David Ignatius makes a depressingly common argument:
In the realm of power politics, U.S. presidents get points not for being right but for being (or appearing) strong. Presidents either say they’re going to knock the ball out of the park, or they say nothing [bold mine-DL]. The intangible factors of strength and credibility (so easy to mock) are, in fact, the glue of a rules-based international system.
Few people mock “the intangible factors of strength and credibility” as such, but many of us justifiably mock others that invest these things with so much importance in international relations. If the “rules-based international system” exists, it must be held together by something real and tangible, and it can’t be so heavily dependent on one state’s largely irrelevant reputation. Like all appeals to the importance of “credibility,” Ignatius simply asserts that it is essential and never offers any proof that it is so.
In practice, presidents frequently make public statements that fall in between these two extremes. When they have made extremely bold declarations, it has often created the very traps that Ignatius later criticizes Obama for falling into. The mistake that Obama made on Syria wasn’t that he wouldn’t do unwise things as quickly as Ignatius wanted, which includes arming opposition forces, but that he made declarations about Assad’s fate (“Assad must go”) when he could easily have said something much less ambitious and specific. Obama bought into the foolish notion that he had to say something significant and “strong” in response to Assad’s crackdown, and he has been paying the price ever since. Yes, Obama would benefit from saying less about crises and conflicts that the U.S. can’t resolve, but it would also be better for the U.S. and the administration if he didn’t keep giving in to the demand to “do more.”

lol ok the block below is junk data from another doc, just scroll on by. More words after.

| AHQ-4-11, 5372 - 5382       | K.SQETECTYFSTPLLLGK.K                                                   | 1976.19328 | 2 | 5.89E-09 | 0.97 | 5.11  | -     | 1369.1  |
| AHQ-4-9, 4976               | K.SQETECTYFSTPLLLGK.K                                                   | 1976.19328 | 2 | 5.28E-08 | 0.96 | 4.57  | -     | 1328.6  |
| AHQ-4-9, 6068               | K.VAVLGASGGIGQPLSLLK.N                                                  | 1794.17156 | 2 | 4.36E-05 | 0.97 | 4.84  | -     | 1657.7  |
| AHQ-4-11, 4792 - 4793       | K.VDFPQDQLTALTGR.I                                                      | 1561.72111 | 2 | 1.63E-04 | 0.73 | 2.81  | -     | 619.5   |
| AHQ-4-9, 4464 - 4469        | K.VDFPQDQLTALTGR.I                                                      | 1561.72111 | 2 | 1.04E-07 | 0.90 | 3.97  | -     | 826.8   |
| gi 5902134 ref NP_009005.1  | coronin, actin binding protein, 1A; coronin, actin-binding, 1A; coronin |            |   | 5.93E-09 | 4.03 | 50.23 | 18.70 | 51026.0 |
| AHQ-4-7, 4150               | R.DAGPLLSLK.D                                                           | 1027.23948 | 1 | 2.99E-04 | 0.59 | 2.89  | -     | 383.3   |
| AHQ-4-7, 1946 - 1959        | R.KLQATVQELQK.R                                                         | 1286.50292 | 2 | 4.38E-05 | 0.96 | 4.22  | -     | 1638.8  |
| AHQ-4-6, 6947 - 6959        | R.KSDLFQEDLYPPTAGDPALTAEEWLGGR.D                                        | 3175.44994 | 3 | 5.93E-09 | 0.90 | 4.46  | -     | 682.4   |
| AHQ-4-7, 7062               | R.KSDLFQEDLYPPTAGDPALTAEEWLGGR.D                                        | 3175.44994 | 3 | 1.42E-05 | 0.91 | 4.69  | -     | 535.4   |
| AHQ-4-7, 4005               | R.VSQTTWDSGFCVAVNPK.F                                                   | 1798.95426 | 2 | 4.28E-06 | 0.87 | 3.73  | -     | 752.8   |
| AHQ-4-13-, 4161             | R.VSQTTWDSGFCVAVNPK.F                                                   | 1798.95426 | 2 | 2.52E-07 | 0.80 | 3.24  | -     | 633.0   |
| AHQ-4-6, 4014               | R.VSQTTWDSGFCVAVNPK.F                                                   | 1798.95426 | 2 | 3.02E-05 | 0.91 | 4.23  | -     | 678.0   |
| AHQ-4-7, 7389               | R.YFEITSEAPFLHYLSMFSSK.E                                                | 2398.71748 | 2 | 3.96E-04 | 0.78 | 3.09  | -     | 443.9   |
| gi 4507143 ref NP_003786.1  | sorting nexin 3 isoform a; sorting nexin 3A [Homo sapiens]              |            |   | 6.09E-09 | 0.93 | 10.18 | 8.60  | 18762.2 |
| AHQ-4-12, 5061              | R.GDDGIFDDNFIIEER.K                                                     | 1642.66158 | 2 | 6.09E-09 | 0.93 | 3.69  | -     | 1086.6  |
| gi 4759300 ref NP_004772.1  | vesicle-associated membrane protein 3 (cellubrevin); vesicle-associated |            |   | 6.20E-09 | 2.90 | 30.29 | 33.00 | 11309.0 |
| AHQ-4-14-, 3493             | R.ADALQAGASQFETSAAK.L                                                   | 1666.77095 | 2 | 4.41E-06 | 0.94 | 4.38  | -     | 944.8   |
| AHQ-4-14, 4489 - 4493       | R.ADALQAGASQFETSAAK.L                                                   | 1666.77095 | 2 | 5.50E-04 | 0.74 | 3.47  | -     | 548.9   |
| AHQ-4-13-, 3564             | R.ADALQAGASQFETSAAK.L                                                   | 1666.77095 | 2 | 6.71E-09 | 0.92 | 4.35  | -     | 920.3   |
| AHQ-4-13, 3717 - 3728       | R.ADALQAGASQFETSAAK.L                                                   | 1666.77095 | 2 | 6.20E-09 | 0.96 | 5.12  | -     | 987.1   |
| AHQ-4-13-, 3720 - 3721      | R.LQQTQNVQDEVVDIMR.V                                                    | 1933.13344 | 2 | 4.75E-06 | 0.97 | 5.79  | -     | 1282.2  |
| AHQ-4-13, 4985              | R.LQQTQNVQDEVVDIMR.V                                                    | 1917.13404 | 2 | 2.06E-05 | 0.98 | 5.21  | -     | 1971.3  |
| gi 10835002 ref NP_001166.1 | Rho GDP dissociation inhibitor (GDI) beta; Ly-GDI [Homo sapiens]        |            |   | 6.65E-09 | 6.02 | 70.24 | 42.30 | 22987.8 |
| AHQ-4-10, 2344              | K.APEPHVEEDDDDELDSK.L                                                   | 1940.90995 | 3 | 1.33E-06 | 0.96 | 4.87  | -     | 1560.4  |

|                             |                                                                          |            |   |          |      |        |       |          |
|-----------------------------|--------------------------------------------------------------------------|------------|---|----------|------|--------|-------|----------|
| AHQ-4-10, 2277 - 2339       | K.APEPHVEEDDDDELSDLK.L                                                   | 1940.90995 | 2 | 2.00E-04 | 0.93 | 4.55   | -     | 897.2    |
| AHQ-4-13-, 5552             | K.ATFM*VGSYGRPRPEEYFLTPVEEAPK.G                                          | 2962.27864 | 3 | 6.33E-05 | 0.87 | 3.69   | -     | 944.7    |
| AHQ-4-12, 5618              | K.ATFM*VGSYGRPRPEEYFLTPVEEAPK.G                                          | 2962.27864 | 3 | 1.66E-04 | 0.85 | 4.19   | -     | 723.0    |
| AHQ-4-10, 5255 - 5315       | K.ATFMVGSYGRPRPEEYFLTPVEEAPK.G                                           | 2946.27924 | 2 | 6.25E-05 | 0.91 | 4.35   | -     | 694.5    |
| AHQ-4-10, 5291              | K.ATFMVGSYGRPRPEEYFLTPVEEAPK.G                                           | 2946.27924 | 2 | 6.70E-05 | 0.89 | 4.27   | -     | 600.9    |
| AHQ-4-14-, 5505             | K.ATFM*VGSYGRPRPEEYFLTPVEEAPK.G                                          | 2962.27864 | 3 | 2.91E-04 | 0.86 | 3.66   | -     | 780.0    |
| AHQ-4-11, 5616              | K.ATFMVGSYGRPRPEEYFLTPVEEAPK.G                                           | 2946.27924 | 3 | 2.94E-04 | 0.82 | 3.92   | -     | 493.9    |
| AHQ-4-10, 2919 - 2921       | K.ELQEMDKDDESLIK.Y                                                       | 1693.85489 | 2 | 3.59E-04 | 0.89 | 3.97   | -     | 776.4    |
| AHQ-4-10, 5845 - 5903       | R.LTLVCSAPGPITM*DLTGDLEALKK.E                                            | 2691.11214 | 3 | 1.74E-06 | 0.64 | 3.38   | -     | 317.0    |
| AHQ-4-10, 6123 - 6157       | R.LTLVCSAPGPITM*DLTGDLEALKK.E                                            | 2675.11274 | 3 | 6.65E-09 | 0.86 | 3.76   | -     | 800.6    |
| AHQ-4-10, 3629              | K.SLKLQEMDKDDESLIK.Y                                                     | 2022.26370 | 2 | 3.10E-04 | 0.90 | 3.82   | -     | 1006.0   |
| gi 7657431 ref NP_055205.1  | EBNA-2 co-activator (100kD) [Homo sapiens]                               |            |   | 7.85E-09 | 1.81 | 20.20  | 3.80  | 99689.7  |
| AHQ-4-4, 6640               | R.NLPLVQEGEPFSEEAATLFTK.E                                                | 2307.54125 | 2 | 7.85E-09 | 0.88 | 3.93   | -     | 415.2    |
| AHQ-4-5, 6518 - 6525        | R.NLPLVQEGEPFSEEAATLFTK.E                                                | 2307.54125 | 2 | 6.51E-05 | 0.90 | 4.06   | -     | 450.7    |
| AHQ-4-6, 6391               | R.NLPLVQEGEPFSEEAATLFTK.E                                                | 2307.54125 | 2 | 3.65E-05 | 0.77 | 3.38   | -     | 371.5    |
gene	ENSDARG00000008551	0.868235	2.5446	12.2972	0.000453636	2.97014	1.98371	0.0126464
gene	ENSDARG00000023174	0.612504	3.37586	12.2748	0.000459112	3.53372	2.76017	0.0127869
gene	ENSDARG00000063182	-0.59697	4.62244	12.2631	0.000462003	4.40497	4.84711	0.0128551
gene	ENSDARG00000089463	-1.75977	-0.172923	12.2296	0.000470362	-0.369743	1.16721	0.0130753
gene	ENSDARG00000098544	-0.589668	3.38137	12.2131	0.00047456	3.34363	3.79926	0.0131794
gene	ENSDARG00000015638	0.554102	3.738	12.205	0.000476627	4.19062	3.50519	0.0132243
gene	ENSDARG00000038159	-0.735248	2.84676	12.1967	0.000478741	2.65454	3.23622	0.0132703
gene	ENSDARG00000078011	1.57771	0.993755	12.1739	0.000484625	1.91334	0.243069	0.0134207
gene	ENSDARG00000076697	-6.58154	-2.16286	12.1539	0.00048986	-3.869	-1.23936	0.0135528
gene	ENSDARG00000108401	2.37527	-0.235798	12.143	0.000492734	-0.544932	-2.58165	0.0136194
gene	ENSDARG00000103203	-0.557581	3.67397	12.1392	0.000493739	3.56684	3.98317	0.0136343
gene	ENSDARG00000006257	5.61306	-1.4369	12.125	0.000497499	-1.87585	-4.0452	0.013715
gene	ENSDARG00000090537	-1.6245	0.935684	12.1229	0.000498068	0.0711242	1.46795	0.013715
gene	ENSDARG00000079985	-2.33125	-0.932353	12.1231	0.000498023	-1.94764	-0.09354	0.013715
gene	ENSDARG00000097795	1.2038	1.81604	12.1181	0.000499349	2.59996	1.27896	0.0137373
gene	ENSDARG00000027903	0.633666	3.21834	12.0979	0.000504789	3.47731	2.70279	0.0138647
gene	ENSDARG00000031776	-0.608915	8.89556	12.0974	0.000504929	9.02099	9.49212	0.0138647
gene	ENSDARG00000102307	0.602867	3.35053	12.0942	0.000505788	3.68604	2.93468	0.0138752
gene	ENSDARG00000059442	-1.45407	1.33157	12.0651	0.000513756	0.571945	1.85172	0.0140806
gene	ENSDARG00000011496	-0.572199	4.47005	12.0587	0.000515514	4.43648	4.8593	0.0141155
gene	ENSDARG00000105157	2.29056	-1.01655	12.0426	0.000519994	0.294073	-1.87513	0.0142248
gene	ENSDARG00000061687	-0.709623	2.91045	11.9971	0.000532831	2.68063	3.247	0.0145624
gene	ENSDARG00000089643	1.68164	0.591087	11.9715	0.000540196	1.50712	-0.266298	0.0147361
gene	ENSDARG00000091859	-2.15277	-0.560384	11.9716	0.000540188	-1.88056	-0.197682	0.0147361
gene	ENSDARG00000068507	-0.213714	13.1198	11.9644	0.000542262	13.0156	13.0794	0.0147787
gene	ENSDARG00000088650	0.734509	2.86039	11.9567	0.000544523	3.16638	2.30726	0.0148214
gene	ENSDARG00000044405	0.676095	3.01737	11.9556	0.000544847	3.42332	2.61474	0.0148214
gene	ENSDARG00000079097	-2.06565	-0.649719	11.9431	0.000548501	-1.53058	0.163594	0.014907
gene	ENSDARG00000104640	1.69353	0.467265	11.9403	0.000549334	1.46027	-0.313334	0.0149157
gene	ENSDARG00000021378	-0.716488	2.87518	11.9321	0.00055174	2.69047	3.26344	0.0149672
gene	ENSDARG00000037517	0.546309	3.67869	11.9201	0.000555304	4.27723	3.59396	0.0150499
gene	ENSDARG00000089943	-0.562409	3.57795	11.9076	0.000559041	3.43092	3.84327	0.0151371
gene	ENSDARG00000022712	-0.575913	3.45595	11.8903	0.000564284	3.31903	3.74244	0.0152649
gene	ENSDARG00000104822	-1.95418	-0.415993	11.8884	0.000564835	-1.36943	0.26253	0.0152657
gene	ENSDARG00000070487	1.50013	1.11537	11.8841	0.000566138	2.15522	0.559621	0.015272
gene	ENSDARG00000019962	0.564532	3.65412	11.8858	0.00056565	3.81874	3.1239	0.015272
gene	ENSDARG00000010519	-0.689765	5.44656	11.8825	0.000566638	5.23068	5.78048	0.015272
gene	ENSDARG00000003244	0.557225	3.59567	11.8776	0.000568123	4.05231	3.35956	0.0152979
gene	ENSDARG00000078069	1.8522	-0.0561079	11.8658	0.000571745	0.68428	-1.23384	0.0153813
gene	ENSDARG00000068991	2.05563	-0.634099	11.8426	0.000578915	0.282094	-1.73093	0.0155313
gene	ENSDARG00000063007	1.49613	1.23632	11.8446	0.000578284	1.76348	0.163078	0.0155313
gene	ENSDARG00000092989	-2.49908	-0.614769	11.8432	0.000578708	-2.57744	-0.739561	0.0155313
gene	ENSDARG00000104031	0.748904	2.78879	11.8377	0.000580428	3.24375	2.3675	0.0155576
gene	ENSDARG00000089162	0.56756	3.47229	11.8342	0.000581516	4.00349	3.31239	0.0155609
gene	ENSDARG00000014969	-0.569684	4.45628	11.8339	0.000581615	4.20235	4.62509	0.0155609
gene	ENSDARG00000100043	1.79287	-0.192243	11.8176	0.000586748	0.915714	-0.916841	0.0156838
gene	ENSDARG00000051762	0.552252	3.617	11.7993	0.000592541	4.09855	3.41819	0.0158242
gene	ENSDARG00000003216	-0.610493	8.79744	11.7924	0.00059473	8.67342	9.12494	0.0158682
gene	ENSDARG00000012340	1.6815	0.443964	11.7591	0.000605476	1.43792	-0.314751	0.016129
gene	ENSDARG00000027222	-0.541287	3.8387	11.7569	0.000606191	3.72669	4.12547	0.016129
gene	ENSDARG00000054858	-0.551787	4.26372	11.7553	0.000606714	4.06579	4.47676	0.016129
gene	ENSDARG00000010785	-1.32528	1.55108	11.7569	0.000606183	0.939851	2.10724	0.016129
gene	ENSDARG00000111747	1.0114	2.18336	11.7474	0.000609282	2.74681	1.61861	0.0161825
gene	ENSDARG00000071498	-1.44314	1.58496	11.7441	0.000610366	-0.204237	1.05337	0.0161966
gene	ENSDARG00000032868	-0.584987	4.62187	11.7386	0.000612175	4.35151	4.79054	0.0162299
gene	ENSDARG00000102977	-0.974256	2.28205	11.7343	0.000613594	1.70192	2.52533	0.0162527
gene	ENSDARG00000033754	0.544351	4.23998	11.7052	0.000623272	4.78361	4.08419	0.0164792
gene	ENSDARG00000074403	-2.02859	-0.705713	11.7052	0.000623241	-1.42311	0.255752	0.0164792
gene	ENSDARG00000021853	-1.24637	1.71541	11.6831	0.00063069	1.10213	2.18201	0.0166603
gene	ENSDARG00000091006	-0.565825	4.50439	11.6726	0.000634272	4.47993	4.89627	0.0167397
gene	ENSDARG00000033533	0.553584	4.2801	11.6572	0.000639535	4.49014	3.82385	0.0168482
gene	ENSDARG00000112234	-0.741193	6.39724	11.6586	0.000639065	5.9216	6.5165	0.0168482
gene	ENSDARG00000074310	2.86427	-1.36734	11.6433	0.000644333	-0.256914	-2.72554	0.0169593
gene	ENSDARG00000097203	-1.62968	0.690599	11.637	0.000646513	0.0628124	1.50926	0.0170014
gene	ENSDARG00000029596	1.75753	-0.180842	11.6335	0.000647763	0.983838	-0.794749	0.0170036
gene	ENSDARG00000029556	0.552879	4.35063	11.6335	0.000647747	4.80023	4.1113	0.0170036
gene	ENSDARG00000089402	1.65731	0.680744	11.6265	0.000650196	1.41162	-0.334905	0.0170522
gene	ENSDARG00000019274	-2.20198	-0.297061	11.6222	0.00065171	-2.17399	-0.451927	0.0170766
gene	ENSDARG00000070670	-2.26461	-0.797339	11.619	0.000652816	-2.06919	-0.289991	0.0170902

It also doesn’t make much sense for Ignatius to insist that the U.S. “do more” when he then spends the second half of his column arguing that Obama should continue doing more or less what he’s been doing with respect to Ukraine. As far as Ignatius is concerned, the demand to “do more” applies only to Syria, and even then he isn’t demanding much more than what the administration is already doing. The entire column is an exercise in exactly the sort of useless criticism that Obama was belittling last week, and it is made worse by the fact that Ignatius doesn’t disagree with Obama policies on substance very much at all. He doesn’t think that Obama said anything very wrong last week in Manila, but he feels compelled for some reason to complain about it anyway.